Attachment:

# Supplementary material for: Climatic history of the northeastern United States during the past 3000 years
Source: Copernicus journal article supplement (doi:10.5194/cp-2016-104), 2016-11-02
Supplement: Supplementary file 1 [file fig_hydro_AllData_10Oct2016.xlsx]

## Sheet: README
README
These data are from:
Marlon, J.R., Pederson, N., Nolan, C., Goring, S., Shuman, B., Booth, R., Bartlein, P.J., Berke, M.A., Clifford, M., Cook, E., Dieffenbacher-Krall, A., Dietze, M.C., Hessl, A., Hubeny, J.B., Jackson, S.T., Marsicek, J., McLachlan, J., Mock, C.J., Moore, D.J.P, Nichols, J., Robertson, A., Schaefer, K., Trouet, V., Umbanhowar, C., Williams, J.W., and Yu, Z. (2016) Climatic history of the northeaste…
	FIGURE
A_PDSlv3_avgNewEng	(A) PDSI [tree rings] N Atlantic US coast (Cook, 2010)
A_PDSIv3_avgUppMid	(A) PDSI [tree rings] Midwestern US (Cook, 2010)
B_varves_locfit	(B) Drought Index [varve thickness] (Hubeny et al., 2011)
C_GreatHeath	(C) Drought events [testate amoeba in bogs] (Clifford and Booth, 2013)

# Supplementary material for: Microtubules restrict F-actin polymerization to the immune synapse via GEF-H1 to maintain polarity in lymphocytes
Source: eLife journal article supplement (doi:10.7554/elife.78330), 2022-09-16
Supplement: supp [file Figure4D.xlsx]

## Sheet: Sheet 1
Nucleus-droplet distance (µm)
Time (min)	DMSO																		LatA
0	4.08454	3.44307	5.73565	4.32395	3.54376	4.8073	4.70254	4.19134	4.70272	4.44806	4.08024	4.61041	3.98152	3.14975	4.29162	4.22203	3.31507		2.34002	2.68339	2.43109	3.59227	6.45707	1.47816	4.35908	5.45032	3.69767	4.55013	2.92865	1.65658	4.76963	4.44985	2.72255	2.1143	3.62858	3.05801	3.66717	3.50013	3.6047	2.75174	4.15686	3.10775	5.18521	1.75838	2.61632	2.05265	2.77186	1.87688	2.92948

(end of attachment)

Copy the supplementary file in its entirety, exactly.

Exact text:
# Supplementary material for: Climatic history of the northeastern United States during the past 3000 years
Source: Copernicus journal article supplement (doi:10.5194/cp-2016-104), 2016-11-02
Supplement: Supplementary file 1 [file fig_hydro_AllData_10Oct2016.xlsx]

## Sheet: README
README
These data are from:
Marlon, J.R., Pederson, N., Nolan, C., Goring, S., Shuman, B., Booth, R., Bartlein, P.J., Berke, M.A., Clifford, M., Cook, E., Dieffenbacher-Krall, A., Dietze, M.C., Hessl, A., Hubeny, J.B., Jackson, S.T., Marsicek, J., McLachlan, J., Mock, C.J., Moore, D.J.P, Nichols, J., Robertson, A., Schaefer, K., Trouet, V., Umbanhowar, C., Williams, J.W., and Yu, Z. (2016) Climatic history of the northeaste…
	FIGURE
A_PDSlv3_avgNewEng	(A) PDSI [tree rings] N Atlantic US coast (Cook, 2010)
A_PDSIv3_avgUppMid	(A) PDSI [tree rings] Midwestern US (Cook, 2010)
B_varves_locfit	(B) Drought Index [varve thickness] (Hubeny et al., 2011)
C_GreatHeath	(C) Drought events [testate amoeba in bogs] (Clifford and Booth, 2013)

# Supplementary material for: Microtubules restrict F-actin polymerization to the immune synapse via GEF-H1 to maintain polarity in lymphocytes
Source: eLife journal article supplement (doi:10.7554/elife.78330), 2022-09-16
Supplement: supp [file Figure4D.xlsx]

## Sheet: Sheet 1
Nucleus-droplet distance (µm)
Time (min)	DMSO																		LatA
0	4.08454	3.44307	5.73565	4.32395	3.54376	4.8073	4.70254	4.19134	4.70272	4.44806	4.08024	4.61041	3.98152	3.14975	4.29162	4.22203	3.31507		2.34002	2.68339	2.43109	3.59227	6.45707	1.47816	4.35908	5.45032	3.69767	4.55013	2.92865	1.65658	4.76963	4.44985	2.72255	2.1143	3.62858	3.05801	3.66717	3.50013	3.6047	2.75174	4.15686	3.10775	5.18521	1.75838	2.61632	2.05265	2.77186	1.87688	2.92948